The 48-week phase 2 MOMENTUM trial randomly assigned 320 participants with overweight or obesity and at least one obesity-related comorbidity but not diabetes to receive weekly doses of 1.2 mg, 1.8 mg, or 2.4 mg of pemvidutide or placebo. The two lower pemvidutide doses were initiated immediately without titration, while the 2.4-mg dose was titrated rapidly over 4 weeks.

In a prespecified interim analysis of 160 participants, the percent body weight loss at 24 weeks was 10.7%, 9.4%, and 7.3% with the 2.4-mg, 1.8-mg, and 1.2-mg doses, respectively (P < .001). All weight loss values were significant; weight loss with placebo was a nonsignificant 1%.

The proportions of patients who lost at least 5% of their body weight were 84.6%, 66.7%, and 66.7%, respectively, vs 25% with placebo. Half of the patients who received the 2.4-mg and 1.8-mg doses lost at least 10% of their body weight. Reductions in waist circumference followed suit; the patients who received the 2.4-mg dose lost an average of 10.2 cm, or “in the US, about 4 inches or 4 belt loops. That’s pretty good, you need a new belt,” Aronne commented.

Significant reductions in total cholesterol and triglyceride levels were also seen at week 24 by 16.5% and 25.0%, respectively, with the 2.4-mg dose. Low-density lipoprotein cholesterol levels also dropped, although not significantly; high-density lipoprotein levels dropped significantly.

Systolic blood pressure dropped by 5.5 mm Hg, and diastolic blood pressure dropped by 1.8 mm Hg in the 2.4-mg group and by lesser degrees among the patients who received lower doses. There were no significant changes in heart rate, Aronne noted.

Glucose homeostasis was preserved in all groups throughout the 24 weeks.

As with all drugs in the incretin class, gastrointestinal adverse events were common. Severe vomiting occurred in one person in the 1.8-mg group and in four with 2.4 mg. Efforts will be made to reduce that in subsequent trials, Aronne said.

“We have learned over time that going more gradually in titrating up these agents is a better strategy, allowing dose reduction may be a better strategy, and allowing antiemetics temporarily as we increase the dose is a lesson that many have learned doing these trials and of course in our clinical practices,” he commented.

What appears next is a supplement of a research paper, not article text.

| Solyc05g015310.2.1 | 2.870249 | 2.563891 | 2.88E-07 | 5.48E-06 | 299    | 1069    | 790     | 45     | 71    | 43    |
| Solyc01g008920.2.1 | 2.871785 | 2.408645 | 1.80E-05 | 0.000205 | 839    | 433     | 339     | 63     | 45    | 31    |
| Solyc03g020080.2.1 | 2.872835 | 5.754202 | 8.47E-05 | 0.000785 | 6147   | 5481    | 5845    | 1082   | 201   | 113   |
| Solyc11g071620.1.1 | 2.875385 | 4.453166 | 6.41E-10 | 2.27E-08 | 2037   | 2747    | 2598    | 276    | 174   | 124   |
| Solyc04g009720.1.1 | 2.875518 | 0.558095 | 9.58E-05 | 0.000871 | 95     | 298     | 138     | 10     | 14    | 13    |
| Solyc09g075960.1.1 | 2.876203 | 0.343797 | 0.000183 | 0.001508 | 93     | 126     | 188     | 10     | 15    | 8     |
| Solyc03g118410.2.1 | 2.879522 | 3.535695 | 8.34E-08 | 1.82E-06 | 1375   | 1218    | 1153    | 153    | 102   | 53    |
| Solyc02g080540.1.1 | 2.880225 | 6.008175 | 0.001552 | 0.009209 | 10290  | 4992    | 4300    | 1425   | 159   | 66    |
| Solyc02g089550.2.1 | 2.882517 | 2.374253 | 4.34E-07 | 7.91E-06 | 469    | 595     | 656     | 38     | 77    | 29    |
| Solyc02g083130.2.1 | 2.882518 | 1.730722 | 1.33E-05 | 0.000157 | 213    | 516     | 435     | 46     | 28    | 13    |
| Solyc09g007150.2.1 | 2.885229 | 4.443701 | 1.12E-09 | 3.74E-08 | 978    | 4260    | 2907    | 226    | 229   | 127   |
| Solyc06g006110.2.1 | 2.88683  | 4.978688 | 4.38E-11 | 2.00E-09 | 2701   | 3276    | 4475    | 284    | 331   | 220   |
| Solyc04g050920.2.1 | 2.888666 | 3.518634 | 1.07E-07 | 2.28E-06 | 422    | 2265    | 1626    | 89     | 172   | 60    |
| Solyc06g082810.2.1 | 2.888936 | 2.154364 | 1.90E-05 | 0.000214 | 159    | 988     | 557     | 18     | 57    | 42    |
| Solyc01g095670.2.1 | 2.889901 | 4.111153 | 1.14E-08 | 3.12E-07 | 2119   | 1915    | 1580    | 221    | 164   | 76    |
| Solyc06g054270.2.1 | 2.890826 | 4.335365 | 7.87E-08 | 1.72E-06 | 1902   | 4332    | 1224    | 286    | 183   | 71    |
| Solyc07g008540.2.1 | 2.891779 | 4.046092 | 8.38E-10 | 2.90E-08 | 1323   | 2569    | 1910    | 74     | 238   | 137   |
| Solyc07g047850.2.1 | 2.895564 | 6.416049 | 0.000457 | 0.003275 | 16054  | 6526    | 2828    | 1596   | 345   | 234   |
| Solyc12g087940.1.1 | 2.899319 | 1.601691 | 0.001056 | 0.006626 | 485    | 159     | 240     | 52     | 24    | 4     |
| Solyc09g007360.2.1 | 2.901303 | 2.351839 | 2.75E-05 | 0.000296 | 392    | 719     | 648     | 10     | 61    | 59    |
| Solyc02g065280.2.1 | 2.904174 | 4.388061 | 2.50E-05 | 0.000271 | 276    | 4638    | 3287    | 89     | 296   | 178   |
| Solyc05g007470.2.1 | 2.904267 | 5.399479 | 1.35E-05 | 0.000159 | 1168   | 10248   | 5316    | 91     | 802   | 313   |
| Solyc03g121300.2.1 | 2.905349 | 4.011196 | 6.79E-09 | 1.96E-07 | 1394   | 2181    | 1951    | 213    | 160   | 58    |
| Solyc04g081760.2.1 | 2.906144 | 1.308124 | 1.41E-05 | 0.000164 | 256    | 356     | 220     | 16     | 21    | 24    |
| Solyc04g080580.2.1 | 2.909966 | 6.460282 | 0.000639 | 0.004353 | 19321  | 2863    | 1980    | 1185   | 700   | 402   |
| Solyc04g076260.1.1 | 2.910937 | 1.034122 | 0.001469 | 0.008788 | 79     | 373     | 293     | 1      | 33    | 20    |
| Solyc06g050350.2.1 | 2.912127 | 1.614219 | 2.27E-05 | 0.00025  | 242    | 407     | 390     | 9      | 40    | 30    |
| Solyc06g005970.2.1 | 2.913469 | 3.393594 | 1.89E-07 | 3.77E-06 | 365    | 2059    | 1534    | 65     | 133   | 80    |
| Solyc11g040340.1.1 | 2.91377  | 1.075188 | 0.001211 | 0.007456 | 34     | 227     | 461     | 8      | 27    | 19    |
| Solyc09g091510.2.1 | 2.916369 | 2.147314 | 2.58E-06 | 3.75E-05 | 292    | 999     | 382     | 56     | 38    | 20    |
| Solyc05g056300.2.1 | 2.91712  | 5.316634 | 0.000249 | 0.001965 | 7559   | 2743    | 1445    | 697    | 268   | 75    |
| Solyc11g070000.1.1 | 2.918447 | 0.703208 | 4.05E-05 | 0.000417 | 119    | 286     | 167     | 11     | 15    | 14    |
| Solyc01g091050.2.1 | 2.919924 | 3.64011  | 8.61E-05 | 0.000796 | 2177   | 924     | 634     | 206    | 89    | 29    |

Golubic told Medscape that the recent emergence of potent incretin-based weight loss drugs is “a huge paradigm shift. The prevalence of obesity will be 35% or higher by 2035. Bariatric surgery isn’t feasible for everyone, and it’s very expensive, so we need drugs to provide benefits in terms of lowering weight, glucose, and other cardiometabolic risk factors.”

The full 48-week data for MOMENTUM will be announced in the fourth quarter of 2023.

Aronne has received consulting fees from and serves on advisory boards for Allurion, Altimmune, Atria, Gelesis, Jamieson Wellness, Janssen Pharmaceuticals, Jazz Pharmaceuticals, Novo Nordisk, Pfizer, Optum, Eli Lilly, Senda Biosciences, and Versanis; has received research funding from Allurion, AstraZeneca, Gelesis, Janssen Pharmaceuticals, Novo Nordisk and Eli Lilly; havs equity interests in Allurion, ERX Pharmaceuticals, Gelesis, Intellihealth, Jamieson Wellness, and Myos Corp; and serves on a board of directors for ERX Pharmaceuticals, Intellihealth, and Jamieson Wellness. Golubic has received research support from AstraZeneca.

European Association for the Study of Diabetes (EASD) 2023 Annual Meeting: Presented October 3, 2023.

Miriam E. Tucker is a freelance journalist based in the Washington, DC, area. She is a regular contributor to Medscape. Other work of hers has appeared in the Washington Post, NPR’s Shots blog, and Diabetes Forecast magazine. She is on X @MiriamETucker.